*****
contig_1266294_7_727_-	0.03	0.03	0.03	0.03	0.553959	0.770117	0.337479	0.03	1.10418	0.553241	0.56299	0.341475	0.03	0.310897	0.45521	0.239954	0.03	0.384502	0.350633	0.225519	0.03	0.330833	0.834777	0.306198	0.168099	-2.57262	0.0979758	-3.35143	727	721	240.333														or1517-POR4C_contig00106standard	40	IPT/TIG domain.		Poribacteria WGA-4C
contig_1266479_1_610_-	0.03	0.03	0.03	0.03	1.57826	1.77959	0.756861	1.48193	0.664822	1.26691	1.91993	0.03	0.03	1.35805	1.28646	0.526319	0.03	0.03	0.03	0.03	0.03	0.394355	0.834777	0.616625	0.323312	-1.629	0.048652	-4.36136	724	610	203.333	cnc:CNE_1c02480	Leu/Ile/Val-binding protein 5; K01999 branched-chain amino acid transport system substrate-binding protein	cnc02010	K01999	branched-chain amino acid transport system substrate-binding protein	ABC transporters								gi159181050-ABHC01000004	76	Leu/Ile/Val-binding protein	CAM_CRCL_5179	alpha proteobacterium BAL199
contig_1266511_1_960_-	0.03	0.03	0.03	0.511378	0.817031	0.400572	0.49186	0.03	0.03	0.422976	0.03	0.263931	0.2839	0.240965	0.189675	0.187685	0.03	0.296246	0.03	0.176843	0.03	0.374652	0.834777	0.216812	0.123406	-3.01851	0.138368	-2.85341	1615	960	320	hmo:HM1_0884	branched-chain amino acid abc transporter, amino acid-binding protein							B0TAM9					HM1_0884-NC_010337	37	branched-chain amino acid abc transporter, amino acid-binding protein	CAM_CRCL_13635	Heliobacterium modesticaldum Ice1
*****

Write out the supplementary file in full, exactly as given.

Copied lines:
contig_1266294_7_727_-	0.03	0.03	0.03	0.03	0.553959	0.770117	0.337479	0.03	1.10418	0.553241	0.56299	0.341475	0.03	0.310897	0.45521	0.239954	0.03	0.384502	0.350633	0.225519	0.03	0.330833	0.834777	0.306198	0.168099	-2.57262	0.0979758	-3.35143	727	721	240.333														or1517-POR4C_contig00106standard	40	IPT/TIG domain.		Poribacteria WGA-4C
contig_1266479_1_610_-	0.03	0.03	0.03	0.03	1.57826	1.77959	0.756861	1.48193	0.664822	1.26691	1.91993	0.03	0.03	1.35805	1.28646	0.526319	0.03	0.03	0.03	0.03	0.03	0.394355	0.834777	0.616625	0.323312	-1.629	0.048652	-4.36136	724	610	203.333	cnc:CNE_1c02480	Leu/Ile/Val-binding protein 5; K01999 branched-chain amino acid transport system substrate-binding protein	cnc02010	K01999	branched-chain amino acid transport system substrate-binding protein	ABC transporters								gi159181050-ABHC01000004	76	Leu/Ile/Val-binding protein	CAM_CRCL_5179	alpha proteobacterium BAL199
contig_1266511_1_960_-	0.03	0.03	0.03	0.511378	0.817031	0.400572	0.49186	0.03	0.03	0.422976	0.03	0.263931	0.2839	0.240965	0.189675	0.187685	0.03	0.296246	0.03	0.176843	0.03	0.374652	0.834777	0.216812	0.123406	-3.01851	0.138368	-2.85341	1615	960	320	hmo:HM1_0884	branched-chain amino acid abc transporter, amino acid-binding protein							B0TAM9					HM1_0884-NC_010337	37	branched-chain amino acid abc transporter, amino acid-binding protein	CAM_CRCL_13635	Heliobacterium modesticaldum Ice1